How high-quality sustainable design creates value
Footprint: Sustainable design cuts costs and carbon for investors and occupiers alike, says Derwent’s Benjamin Lesser
Every building leaves a carbon footprint on the planet as a result of its construction, operation, and the daily commute to and from that building by those occupying it.
The Derwent approach is to minimise the total carbon footprint over the lifetime of a building to avoid premature obsolescence and maximise value in the long term. Low-carbon, design-led regeneration ensures optimum value for both investors and occupiers.
This starts by choosing central London sites where public transport, cycling or walking can be used by a large number of people, minimising carbon emissions from commuters, an often overlooked but significant constituent of the carbon footprint equation. In urban locations, the commute can account for anywhere between 20 and 40 per cent of the total carbon emissions over the course of a building’s life, as documented in Energy Labelling: A Broader Perspective (2010), available on the UK-GBC website. High quality, easy to access cycle lockers and shower facilities encourage and support this objective.
Secondly, many (but not all) existing buildings can be adapted and brought back into useful life to create contemporary new workspaces that offer the attributes occupiers desire: generous floor-to-ceiling heights and high levels of natural daylight. This conserves the embodied energy held in the structure and reduces the transportation of demolition and construction waste, cutting both emissions and costs. Exposed structure and thermal mass help condition the space environmentally, working with either mixed-mode natural ventilation and cooling with opened windows and low-energy air displacement, or in-slab cooling via capillary pipes.
Using a single material for the structure and for conditioning the space and as a self-finished soffit for up-lighting the office space is doing ‘more with less’ – a philosophy at the core of sustainable thinking.
Designing with fewer materials reduces the need for additional surfaces and finishes such as metal suspended ceilings, which uses fewer natural resources, less energy in extraction, manufacture and ultimately costs less to deliver.
The BREEAM Excellent-rated Angel Building in London’s EC1, shortlisted for this year’s Stirling Prize, retained the building’s original frame and provided new cores, envelope and services, with a cost saving of approximately 20 per cent compared to a new-build scheme. The low-energy mixed-mode air displacement cooling system with exposed slabs achieves a 44 per cent reduction in CO2 emissions compared to a typical office building. Angel Building architects Allford Hall Monaghan Morris developed a Concrete Carbon Calculator with the University of Bath to understand the environmental benefits of retaining the structure. AHMM estimate that 33,000 tonnes of concrete were retained at the Angel Building (equating to 10,000m2 of landfill), with savings equivalent to the entire regulated energy usage of the new building for 13 years in operation.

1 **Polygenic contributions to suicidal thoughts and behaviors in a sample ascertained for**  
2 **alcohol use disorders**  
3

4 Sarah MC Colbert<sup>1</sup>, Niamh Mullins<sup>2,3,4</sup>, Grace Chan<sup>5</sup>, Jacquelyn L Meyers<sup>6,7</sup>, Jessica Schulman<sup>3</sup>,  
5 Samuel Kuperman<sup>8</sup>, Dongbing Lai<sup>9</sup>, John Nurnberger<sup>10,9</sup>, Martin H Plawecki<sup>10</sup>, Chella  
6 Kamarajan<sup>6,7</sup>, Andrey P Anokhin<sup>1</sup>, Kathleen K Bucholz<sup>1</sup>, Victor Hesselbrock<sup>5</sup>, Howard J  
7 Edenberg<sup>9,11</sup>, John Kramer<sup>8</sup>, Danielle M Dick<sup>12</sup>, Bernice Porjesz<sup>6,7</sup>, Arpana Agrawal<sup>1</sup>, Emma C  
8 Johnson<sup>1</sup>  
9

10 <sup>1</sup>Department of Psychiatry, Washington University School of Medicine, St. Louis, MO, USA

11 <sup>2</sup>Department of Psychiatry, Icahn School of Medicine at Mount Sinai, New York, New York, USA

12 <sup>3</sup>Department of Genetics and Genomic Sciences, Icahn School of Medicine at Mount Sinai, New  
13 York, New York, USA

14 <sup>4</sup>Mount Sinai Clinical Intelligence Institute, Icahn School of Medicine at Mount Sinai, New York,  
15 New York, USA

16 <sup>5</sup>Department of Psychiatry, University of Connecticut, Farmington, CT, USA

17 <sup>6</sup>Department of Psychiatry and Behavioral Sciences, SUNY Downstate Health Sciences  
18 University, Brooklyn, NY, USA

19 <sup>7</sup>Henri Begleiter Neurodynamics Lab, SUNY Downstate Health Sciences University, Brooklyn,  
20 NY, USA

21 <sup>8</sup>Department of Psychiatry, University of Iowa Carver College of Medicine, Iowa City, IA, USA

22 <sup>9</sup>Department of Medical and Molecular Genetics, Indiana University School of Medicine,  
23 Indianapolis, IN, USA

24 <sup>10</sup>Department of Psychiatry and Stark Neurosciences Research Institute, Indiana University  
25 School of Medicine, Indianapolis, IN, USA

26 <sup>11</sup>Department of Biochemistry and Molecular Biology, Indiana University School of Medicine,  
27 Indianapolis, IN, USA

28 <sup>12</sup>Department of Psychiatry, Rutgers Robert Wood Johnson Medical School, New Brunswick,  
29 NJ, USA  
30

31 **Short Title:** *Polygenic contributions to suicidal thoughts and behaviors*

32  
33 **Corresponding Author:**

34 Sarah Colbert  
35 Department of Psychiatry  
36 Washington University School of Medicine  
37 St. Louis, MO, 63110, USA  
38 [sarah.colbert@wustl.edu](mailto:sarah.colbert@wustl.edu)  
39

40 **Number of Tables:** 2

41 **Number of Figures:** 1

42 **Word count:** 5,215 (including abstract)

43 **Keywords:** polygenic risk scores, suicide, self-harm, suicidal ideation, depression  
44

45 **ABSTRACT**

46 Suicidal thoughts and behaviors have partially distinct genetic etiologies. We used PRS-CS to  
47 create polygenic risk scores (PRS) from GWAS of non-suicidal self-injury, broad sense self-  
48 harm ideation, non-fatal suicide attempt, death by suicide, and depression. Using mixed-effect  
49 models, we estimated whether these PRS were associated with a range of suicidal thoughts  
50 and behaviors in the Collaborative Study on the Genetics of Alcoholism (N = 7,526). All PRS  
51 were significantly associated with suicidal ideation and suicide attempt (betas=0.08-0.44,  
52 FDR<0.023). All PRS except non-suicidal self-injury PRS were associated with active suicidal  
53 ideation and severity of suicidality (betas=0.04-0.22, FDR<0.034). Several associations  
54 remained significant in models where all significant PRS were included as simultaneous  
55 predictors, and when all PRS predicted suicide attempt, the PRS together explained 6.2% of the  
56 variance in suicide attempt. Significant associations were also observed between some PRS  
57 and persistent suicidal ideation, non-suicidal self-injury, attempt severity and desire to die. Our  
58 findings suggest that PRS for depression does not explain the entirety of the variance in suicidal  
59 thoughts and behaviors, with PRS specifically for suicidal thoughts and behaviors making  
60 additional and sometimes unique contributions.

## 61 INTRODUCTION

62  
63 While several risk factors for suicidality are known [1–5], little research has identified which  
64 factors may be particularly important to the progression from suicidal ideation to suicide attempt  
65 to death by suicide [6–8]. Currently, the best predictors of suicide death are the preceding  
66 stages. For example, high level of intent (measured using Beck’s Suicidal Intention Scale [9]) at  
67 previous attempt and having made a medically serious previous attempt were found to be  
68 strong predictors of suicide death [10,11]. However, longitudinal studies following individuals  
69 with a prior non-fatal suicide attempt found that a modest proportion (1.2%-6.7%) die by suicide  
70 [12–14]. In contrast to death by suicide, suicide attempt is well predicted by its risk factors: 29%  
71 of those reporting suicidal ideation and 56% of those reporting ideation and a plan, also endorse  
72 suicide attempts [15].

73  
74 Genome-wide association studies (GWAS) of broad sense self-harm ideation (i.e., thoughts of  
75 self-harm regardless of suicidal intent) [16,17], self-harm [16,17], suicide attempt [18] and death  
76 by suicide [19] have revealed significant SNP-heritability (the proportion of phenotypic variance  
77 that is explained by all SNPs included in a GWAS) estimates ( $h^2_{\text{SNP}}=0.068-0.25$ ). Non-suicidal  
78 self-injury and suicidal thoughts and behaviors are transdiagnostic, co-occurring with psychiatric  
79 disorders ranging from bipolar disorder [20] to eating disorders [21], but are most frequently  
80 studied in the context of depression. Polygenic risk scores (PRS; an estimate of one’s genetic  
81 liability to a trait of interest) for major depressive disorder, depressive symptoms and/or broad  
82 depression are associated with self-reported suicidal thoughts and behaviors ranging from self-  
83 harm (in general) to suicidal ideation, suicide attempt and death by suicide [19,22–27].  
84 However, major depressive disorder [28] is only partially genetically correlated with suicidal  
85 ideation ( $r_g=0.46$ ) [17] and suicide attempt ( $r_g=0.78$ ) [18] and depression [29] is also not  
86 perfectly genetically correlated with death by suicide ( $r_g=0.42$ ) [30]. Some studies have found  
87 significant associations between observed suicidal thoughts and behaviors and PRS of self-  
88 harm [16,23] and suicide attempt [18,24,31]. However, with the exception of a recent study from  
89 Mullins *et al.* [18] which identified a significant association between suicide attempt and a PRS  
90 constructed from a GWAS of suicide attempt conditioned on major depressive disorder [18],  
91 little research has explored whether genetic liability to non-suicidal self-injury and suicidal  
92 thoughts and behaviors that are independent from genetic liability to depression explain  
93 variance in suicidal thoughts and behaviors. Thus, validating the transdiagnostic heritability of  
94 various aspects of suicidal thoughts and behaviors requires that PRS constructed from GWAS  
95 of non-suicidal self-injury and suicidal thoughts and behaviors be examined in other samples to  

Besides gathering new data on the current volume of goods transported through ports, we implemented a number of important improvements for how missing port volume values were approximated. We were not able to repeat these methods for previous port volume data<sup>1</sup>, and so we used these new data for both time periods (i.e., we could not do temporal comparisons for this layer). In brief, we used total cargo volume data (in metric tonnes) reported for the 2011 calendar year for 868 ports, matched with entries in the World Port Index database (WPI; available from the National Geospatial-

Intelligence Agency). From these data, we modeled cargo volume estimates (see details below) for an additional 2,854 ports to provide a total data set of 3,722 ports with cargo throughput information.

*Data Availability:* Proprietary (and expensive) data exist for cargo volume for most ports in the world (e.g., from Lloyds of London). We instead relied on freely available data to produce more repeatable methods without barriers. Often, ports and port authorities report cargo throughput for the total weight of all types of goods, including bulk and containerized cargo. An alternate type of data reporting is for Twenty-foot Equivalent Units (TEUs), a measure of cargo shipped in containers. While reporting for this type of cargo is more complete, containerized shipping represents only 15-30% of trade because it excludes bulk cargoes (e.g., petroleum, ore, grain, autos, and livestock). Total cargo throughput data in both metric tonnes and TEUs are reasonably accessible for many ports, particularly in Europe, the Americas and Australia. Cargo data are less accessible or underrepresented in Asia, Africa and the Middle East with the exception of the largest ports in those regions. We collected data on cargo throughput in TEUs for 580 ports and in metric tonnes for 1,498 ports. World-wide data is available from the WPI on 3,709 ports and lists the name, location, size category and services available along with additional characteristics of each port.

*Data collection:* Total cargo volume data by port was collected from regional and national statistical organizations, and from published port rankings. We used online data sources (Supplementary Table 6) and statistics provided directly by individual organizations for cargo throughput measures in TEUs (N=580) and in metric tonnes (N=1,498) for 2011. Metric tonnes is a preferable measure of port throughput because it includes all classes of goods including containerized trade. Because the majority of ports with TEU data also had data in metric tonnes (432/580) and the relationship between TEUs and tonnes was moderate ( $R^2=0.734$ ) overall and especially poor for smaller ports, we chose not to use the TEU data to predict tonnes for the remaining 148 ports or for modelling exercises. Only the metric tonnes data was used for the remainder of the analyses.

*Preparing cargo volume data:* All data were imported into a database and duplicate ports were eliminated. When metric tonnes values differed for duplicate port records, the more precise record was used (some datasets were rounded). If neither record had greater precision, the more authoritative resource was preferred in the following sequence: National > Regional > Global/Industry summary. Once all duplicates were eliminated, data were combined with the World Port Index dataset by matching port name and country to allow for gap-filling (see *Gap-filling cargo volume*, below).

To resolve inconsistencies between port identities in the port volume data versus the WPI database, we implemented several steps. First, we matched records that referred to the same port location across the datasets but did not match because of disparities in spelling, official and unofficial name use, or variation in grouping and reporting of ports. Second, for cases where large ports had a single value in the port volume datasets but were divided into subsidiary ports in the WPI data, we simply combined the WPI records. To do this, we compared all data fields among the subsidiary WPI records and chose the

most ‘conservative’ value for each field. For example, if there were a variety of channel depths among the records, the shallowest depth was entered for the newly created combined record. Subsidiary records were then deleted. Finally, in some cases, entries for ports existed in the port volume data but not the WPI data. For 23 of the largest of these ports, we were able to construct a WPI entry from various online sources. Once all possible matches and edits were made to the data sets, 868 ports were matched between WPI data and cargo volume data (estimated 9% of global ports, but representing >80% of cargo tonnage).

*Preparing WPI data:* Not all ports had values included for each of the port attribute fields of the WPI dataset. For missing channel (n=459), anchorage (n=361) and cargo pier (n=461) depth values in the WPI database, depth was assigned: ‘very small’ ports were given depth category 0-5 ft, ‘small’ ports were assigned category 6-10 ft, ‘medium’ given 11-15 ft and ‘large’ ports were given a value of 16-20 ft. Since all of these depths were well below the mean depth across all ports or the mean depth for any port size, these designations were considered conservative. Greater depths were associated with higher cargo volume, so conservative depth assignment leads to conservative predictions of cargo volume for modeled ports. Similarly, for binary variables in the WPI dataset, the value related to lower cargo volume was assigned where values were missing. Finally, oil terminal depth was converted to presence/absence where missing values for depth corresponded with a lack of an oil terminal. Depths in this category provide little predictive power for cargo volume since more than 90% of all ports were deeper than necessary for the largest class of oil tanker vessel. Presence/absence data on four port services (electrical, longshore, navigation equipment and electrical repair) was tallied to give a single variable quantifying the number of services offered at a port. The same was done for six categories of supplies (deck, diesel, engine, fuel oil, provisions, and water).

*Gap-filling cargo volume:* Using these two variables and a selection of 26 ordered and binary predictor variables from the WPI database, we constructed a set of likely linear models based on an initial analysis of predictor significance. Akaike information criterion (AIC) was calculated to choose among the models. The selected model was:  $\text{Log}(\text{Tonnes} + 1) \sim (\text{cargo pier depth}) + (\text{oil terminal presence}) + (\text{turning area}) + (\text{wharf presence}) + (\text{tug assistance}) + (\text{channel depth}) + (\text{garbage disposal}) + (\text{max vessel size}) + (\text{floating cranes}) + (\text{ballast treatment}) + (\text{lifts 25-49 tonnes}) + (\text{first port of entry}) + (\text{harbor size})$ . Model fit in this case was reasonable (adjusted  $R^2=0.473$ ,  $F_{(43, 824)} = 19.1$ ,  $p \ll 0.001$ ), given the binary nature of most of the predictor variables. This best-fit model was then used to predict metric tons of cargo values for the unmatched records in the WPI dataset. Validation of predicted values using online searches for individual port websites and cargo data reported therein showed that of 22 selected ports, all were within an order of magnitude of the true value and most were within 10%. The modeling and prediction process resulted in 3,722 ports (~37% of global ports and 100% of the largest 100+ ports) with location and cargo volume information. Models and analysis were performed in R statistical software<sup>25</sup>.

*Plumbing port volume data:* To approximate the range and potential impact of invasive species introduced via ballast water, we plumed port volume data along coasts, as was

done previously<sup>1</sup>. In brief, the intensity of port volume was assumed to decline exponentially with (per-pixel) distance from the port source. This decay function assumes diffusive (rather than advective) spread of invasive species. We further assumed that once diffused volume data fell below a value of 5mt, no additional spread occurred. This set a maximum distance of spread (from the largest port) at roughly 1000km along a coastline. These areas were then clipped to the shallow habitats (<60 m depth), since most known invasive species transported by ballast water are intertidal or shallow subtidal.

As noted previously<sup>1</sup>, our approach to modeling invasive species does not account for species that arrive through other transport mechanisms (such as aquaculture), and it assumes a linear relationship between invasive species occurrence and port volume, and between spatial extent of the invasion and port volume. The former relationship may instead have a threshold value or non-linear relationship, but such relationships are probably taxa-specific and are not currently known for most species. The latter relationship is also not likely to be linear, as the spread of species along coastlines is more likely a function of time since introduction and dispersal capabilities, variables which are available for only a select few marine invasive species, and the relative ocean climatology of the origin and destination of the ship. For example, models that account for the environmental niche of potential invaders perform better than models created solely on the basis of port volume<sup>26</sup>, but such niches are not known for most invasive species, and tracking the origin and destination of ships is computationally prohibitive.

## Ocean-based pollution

A commitment to sustainability cannot stop when construction is complete. Derwent work with Arup, in partnership with occupiers, suppliers and staff to monitor energy, resource use and waste recycling across our portfolio. Part of our remit is to assist tenants in measuring and reducing operational energy use, which reduces their exposure to the Carbon Reduction Commitment. In 2010, these initiatives reduced carbon emissions by 19 per cent at one building and by seven per cent at two others. This programme is now being rolled out across all our buildings.
At the Tea Building in Shoreditch, east London, an industrial warehouse refurbished in 2003, a rolling refurbishment programme called Green Tea will take place while the building is occupied with 40 different tenants. Improvements include installation of a heat-exchange system (a thermal loop which enables different parts of the building to share heating and cooling), new double-glazed windows, more efficient lighting and roof insulation. Annual carbon emissions are predicted to be halved from 63kg/m2 to 31kg/m2 and the EPC rating improved from E to C.
Our proposed White Collar Factory scheme for City Road, currently in for planning, incorporates the high-value attributes of the refurbishment projects into a new-build scheme. Flexible office space with generous ceiling heights and good daylight is provided in a variety of building sizes grouped around a new public space. High-quality sustainable design, both in refurbishment and new build, makes financial sense and ensures long-term value.
Benjamin Lesser is development manager at Derwent London